As much as I wanted to intervene, I think that I would have actually increased the potential for problems. If I communicated that I was worried, the child in the tree may have also become worried and made less thoughtful choices than she made with her peer. I would have also likely solved the problem for this student. Instead of giving the child a chance to problem solve, realizing her capabilities, and meeting with success, I would have rescued her. It may be hard to always do, but it’s incredible to watch when children can “rescue each other,” and convince their peers that they can actually “save themselves.”
It wasn’t long after this tree incident that we went inside, and then I was challenged once again. Usually Paula runs our morning meeting time, but she was away on Friday, so I ran it. I realized that the children were a little wiggly, chatty, and unfocused, and I thought that a “deep breath” might help. This is something that they do a lot with Paula, and it really seems to help our students calm down. Paula rings a small bell, and the children breathe when they hear this bell. I went to go and do the same thing, and here’s what happened.
@paulacrockett always rings this bell when encouraging students to take a deep breath. She was away today, and I tried to do so. It didn’t make the right sound. Harrison said to me, “You need to use your fingers to cover the hole. Then bang it.” Still no luck. “Tap it gently at the side, Miss Dunsiger.” It still didn’t work. “Good try,” he said. “Do you want me to show you how to do this?” I did. And so this Kindergarten student helped me with the bell today, and I was reminded that at times, we can all benefit from support. 💛❤️💙💜💚 #iteachk #teachersofinstagram #ctinquiry
As much as I hate to admit it, in the past, I would have been reluctant to accept help from a child. I probably would have argued that the sound was “good enough,” and the children “knew what to do anyway.” I almost considered responding in this way on Friday. But then, I thought again about children being “competent and capable,” and this means that they can often help us along with us helping them. We just have to be open for this help.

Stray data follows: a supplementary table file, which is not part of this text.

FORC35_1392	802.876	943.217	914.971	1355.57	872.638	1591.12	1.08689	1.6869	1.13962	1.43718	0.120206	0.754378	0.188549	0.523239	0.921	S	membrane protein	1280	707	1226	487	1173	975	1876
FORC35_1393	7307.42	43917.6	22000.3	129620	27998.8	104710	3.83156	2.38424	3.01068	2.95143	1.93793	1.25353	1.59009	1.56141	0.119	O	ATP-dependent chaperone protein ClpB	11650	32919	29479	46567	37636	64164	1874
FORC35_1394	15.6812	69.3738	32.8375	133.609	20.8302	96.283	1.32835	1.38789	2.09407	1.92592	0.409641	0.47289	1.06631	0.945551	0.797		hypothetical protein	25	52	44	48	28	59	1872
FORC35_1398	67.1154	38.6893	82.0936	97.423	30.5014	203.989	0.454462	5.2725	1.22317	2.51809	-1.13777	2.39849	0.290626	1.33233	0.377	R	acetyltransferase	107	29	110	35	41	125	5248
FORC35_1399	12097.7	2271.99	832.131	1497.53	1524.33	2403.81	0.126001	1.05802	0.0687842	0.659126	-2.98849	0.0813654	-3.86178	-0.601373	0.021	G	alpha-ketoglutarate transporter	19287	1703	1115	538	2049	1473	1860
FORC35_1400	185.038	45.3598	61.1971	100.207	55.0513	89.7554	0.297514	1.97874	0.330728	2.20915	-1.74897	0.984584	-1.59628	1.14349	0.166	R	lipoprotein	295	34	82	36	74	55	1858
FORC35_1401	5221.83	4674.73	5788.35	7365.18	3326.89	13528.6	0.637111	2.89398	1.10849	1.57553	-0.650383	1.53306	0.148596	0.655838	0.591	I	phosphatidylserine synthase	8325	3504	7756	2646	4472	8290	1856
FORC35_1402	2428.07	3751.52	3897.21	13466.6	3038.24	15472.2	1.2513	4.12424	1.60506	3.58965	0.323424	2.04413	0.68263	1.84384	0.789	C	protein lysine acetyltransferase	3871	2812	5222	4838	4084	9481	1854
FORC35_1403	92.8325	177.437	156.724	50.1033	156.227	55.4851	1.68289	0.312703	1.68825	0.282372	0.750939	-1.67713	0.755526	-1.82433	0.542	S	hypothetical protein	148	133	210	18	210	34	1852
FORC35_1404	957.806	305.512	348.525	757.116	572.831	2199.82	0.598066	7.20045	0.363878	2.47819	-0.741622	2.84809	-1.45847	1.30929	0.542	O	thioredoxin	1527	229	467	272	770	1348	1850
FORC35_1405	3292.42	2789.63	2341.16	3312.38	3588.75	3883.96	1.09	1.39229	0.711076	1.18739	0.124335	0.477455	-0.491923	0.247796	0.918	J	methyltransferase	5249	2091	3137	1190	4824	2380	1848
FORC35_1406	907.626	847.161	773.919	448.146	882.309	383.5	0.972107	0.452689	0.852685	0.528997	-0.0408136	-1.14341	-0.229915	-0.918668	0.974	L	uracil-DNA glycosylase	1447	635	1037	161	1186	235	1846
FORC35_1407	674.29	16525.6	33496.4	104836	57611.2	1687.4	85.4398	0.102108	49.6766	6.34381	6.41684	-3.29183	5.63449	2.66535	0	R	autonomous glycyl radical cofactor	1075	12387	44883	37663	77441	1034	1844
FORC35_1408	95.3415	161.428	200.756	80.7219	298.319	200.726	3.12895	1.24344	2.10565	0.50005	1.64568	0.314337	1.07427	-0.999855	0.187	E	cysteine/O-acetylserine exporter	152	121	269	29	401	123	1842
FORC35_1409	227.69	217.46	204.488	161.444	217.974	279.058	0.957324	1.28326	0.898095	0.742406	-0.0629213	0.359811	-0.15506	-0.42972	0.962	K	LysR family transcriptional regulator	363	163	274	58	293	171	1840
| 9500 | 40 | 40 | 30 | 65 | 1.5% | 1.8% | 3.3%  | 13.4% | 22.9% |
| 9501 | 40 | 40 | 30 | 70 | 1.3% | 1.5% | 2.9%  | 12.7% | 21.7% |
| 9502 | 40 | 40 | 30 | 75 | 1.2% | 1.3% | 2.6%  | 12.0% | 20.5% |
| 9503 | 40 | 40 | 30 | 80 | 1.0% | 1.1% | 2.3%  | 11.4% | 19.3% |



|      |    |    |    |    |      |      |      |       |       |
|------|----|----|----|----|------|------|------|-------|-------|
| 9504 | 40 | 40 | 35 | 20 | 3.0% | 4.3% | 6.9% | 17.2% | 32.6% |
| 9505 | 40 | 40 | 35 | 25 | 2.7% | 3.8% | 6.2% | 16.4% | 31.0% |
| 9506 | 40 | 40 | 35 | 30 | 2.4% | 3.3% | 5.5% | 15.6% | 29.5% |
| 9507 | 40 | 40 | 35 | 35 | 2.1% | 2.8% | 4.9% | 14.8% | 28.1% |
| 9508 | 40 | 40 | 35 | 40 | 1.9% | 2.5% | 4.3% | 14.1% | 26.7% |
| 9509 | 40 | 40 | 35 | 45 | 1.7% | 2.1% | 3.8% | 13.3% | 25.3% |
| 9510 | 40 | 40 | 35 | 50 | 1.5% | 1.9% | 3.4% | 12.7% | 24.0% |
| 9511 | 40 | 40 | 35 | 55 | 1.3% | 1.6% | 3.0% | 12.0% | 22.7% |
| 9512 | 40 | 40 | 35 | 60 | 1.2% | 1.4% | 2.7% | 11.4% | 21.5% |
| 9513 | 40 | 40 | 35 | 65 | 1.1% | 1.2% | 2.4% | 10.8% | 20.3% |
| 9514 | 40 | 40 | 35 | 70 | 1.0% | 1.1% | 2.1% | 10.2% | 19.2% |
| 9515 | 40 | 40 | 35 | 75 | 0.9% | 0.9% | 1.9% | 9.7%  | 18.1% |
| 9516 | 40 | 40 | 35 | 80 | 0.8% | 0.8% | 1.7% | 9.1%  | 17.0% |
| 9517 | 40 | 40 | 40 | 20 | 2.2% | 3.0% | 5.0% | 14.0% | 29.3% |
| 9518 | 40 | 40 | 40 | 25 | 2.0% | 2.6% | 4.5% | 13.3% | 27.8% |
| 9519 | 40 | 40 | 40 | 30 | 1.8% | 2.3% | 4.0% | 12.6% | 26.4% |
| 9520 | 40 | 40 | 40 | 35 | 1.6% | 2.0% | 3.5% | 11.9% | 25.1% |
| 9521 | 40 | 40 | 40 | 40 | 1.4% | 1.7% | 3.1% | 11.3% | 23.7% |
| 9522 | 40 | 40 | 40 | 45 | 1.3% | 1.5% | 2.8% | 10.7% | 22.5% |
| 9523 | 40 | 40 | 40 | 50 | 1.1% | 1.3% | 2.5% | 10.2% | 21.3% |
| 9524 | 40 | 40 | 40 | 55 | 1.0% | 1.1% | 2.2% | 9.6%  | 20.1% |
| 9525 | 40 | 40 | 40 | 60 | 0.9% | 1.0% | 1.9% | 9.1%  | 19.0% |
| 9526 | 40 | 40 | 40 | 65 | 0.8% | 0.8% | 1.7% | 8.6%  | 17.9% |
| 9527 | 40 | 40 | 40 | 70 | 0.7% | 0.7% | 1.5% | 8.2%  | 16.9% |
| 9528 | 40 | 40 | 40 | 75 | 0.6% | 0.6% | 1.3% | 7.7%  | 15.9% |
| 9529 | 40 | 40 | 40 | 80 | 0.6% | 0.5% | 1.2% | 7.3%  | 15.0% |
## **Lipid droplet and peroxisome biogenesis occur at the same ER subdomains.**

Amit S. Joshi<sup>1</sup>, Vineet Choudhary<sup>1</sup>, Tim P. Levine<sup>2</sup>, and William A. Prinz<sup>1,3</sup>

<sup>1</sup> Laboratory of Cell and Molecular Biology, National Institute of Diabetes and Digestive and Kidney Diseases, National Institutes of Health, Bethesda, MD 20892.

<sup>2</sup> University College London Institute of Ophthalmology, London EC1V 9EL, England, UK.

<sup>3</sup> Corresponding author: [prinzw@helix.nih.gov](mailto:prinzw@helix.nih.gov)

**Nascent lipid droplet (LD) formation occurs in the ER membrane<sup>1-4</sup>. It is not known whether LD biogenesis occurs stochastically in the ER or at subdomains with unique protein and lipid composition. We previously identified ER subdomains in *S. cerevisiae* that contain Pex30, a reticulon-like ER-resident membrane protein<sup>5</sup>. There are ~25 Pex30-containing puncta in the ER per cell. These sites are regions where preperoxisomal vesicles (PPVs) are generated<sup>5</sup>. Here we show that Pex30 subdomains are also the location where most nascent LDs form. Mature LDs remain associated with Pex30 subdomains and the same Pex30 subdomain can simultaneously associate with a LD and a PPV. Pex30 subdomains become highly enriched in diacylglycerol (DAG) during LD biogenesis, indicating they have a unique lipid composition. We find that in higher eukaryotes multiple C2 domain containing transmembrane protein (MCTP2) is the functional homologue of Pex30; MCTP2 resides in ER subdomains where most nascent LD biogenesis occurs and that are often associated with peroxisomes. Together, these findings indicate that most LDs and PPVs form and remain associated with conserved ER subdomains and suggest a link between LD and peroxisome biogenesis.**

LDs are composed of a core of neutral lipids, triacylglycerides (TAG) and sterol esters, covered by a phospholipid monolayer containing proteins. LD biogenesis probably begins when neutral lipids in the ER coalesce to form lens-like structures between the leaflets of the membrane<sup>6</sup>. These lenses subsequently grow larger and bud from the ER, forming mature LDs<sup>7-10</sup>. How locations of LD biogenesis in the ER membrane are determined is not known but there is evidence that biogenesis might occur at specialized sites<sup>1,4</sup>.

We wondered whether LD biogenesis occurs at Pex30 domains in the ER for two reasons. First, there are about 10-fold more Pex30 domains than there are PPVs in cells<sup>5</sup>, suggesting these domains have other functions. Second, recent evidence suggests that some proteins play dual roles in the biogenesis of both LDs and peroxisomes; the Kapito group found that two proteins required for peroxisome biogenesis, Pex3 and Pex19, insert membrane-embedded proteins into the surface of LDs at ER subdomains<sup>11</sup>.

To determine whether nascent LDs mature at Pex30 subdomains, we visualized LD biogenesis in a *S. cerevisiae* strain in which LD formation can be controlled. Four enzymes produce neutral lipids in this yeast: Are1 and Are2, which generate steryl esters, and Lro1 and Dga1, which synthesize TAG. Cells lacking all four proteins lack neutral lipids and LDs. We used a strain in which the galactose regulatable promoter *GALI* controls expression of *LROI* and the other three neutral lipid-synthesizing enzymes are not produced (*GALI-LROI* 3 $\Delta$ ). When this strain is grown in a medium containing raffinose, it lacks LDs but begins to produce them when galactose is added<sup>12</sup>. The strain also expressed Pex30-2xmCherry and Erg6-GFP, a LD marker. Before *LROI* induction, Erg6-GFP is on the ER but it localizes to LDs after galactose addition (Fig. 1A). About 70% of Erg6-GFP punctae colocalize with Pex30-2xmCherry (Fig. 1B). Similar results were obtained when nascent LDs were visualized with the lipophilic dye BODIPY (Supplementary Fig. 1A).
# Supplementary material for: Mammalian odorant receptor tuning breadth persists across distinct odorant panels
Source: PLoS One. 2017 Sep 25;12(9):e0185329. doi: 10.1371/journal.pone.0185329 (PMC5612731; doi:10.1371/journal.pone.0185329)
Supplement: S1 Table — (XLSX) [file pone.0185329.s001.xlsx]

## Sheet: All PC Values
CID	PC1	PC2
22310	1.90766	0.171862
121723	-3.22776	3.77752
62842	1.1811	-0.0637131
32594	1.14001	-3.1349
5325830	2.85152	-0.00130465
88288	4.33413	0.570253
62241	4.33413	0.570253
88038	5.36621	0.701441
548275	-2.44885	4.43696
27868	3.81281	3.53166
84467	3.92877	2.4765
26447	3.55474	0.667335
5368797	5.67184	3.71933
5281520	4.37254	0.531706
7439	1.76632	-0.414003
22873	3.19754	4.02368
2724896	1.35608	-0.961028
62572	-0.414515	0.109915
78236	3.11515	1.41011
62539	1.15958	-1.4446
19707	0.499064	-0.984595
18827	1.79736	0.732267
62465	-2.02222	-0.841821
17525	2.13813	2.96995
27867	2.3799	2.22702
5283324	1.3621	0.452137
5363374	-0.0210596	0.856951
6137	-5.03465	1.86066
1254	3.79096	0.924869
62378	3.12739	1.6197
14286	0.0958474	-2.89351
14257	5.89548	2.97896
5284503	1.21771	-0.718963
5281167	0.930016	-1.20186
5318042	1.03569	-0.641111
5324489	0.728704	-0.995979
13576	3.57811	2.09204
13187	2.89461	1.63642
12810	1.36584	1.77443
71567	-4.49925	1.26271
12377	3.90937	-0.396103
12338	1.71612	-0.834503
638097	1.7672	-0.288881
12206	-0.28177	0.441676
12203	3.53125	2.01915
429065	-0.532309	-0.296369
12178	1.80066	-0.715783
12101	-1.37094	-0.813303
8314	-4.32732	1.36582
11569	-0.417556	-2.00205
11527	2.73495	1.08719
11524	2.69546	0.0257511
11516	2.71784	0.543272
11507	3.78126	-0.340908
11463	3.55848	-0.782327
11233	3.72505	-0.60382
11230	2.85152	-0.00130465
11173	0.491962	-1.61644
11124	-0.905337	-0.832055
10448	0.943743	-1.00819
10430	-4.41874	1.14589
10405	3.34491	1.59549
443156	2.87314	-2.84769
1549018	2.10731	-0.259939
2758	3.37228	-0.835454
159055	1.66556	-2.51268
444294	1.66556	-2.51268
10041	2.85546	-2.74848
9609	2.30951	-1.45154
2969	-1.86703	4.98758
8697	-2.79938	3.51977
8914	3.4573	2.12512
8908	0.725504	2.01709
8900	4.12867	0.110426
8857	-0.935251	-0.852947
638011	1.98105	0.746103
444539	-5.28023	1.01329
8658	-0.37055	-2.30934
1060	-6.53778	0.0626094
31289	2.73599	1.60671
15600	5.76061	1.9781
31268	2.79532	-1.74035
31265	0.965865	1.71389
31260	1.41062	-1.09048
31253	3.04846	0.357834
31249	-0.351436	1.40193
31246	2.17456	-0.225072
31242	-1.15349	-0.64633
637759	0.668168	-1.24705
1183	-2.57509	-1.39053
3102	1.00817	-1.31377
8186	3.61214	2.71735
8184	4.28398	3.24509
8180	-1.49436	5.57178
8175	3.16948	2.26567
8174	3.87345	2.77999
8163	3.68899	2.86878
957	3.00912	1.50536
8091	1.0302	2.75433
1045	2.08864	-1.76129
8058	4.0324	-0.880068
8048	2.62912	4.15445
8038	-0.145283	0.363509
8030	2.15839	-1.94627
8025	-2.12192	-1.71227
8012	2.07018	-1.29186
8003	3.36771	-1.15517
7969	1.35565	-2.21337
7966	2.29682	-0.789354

On Friday, I was reminded that …
- children can support each other well. There is something incredibly beautiful about students seeking each other out for help.
- the adult is not always the best authority in the room.
- all children can be metacognitive when we give them opportunities to be and have modelled this behaviour since September.
- there is still more I can do to show children that I view them as “competent and capable.”
I was left wondering how other people communicate their “view of the child” to their students. How do you show children just how “competent and capable” you know that they are? What else could you do? While I realize the importance of this view from a classroom perspective, I also wonder about it from a home perspective. As parents, how do you communicate this important view, and what might this mean about a child’s belief in him/herself? Every day, I’m reminded just how incredible children can be, and I’m forever forced to think about what else I can do to share these views with them.